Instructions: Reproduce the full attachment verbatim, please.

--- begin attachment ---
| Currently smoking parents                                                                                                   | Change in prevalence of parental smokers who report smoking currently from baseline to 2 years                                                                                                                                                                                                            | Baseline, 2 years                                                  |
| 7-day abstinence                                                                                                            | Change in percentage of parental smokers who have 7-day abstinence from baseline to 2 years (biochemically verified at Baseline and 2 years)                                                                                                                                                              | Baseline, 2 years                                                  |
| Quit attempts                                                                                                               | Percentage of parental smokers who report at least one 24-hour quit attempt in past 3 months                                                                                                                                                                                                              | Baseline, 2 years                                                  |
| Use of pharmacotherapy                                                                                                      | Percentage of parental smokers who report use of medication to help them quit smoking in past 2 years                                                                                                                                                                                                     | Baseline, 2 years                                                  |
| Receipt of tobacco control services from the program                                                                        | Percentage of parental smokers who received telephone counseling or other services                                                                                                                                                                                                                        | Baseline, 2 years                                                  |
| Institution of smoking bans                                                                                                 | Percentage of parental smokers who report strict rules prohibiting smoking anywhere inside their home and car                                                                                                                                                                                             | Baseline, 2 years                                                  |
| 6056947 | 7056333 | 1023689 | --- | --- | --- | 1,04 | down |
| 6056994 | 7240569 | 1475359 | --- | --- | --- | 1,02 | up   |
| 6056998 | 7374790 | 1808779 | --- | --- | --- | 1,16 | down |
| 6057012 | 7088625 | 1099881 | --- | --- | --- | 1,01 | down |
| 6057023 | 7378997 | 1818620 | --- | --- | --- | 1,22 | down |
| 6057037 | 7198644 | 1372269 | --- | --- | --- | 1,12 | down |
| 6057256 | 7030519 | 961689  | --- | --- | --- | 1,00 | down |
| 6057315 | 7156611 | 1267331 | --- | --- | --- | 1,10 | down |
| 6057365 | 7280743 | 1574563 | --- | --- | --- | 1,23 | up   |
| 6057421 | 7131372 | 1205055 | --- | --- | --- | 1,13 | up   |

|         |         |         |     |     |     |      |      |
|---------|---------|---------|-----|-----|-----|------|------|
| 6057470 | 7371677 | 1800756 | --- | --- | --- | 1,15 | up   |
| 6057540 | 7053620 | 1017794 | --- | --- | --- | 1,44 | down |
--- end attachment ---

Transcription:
| Currently smoking parents                                                                                                   | Change in prevalence of parental smokers who report smoking currently from baseline to 2 years                                                                                                                                                                                                            | Baseline, 2 years                                                  |
| 7-day abstinence                                                                                                            | Change in percentage of parental smokers who have 7-day abstinence from baseline to 2 years (biochemically verified at Baseline and 2 years)                                                                                                                                                              | Baseline, 2 years                                                  |
| Quit attempts                                                                                                               | Percentage of parental smokers who report at least one 24-hour quit attempt in past 3 months                                                                                                                                                                                                              | Baseline, 2 years                                                  |
| Use of pharmacotherapy                                                                                                      | Percentage of parental smokers who report use of medication to help them quit smoking in past 2 years                                                                                                                                                                                                     | Baseline, 2 years                                                  |
| Receipt of tobacco control services from the program                                                                        | Percentage of parental smokers who received telephone counseling or other services                                                                                                                                                                                                                        | Baseline, 2 years                                                  |
| Institution of smoking bans                                                                                                 | Percentage of parental smokers who report strict rules prohibiting smoking anywhere inside their home and car                                                                                                                                                                                             | Baseline, 2 years                                                  |
| 6056947 | 7056333 | 1023689 | --- | --- | --- | 1,04 | down |
| 6056994 | 7240569 | 1475359 | --- | --- | --- | 1,02 | up   |
| 6056998 | 7374790 | 1808779 | --- | --- | --- | 1,16 | down |
| 6057012 | 7088625 | 1099881 | --- | --- | --- | 1,01 | down |
| 6057023 | 7378997 | 1818620 | --- | --- | --- | 1,22 | down |
| 6057037 | 7198644 | 1372269 | --- | --- | --- | 1,12 | down |
| 6057256 | 7030519 | 961689  | --- | --- | --- | 1,00 | down |
| 6057315 | 7156611 | 1267331 | --- | --- | --- | 1,10 | down |
| 6057365 | 7280743 | 1574563 | --- | --- | --- | 1,23 | up   |
| 6057421 | 7131372 | 1205055 | --- | --- | --- | 1,13 | up   |

|         |         |         |     |     |     |      |      |
|---------|---------|---------|-----|-----|-----|------|------|
| 6057470 | 7371677 | 1800756 | --- | --- | --- | 1,15 | up   |
| 6057540 | 7053620 | 1017794 | --- | --- | --- | 1,44 | down |